1/2 tsp freshly grated navel orange zest

Combine all the ingredients in the work bowl of a food processor fitted with the steel blade. Pulse 3-4 times, then process for 3-4 seconds. Stop the processor, scrape down the side of the bowl, and empty into a small bowl. Cover with plastic wrap and refrigerate until ready to use. (You can also make this in a bowl with a hand mixer).


Aran Goyoaga said...

This is the way I like my carrot cake, simple and with cream cheese icing. My recipe only has carrots and pecans and I love it. Well, it's not mine. I stole it from our Head Baker at the Ritz but I have adapted it to my taste so I call it mine. Anyhow, yours looks really good and I like that you made it square and the icing looks really pretty like that.
But what I like the most is the table! Is that your dining room table, kitchen table? Love it!

abe said...

hey now. those creepy, radioactive-orange carrots are important.

still. i love the presentation here.

Gretchen Noelle said...

I plan to try this. I like carrot cake but don't love it since I just haven't found a great recipe. Love the flavors in this one, so who knows!

slush said...

You did a gorgeous job on the frosting. Its lovely.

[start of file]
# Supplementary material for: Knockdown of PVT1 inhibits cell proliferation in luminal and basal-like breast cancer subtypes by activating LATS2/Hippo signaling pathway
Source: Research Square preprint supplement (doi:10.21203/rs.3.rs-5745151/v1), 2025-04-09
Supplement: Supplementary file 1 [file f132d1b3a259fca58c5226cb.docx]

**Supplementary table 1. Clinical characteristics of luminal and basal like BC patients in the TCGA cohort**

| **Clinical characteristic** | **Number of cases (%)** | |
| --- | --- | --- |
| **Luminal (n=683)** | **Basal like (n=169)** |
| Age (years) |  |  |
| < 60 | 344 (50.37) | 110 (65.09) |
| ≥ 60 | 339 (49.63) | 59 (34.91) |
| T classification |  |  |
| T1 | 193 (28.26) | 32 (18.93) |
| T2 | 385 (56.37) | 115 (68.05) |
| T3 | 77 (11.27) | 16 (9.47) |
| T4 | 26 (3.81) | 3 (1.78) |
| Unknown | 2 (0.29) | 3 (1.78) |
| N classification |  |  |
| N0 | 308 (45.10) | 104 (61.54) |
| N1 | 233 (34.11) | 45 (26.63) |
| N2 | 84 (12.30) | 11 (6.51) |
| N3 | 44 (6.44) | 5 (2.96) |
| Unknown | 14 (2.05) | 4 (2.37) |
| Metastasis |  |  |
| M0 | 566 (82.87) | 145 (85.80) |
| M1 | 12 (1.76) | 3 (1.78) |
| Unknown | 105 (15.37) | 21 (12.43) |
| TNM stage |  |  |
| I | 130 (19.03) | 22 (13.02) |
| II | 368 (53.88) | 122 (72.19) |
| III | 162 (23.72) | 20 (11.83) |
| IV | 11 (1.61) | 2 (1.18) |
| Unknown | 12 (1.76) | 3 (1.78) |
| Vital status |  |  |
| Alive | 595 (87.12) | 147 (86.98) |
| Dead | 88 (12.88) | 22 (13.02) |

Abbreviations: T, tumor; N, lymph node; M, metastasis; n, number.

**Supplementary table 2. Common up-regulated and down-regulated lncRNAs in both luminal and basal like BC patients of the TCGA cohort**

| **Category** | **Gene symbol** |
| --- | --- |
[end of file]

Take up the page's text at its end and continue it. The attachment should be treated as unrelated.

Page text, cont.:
amanda said...

I love the use of honey in the cake with a slight reduction of sugar. I prefer natural sweets like honey in cake too because they give a nice moistness to the cake. Your pictures look great too

Helene said...

Thanks for sharing the recipe. Carrot cake is still my favorite.

Tartelette said...

Gorgeously perfect!!! I love the cream cheese frosting and the rustic feel of the picture. Great shot.

rhid said...

This sounds (and looks) like a stunning combinations - spicy with a great base of carrots and honey.

Shelly said...

I agree with the other poster. I like my carrot cake simple and with cream cheese icing.

Jen said...

I really enjoy reading your blog for inspiration and baking ideas.

I've been eying this cake for awhile and was wondering if its texture would do well as muffins/cupcakes?

Lisa Campbell said...

Hi Jen-

I've made this recipe as cupcakes one or two times. They always turn out great. If you're making cupcakes, check on the them 12-15 minutes into the baking time. They tend to finish faster.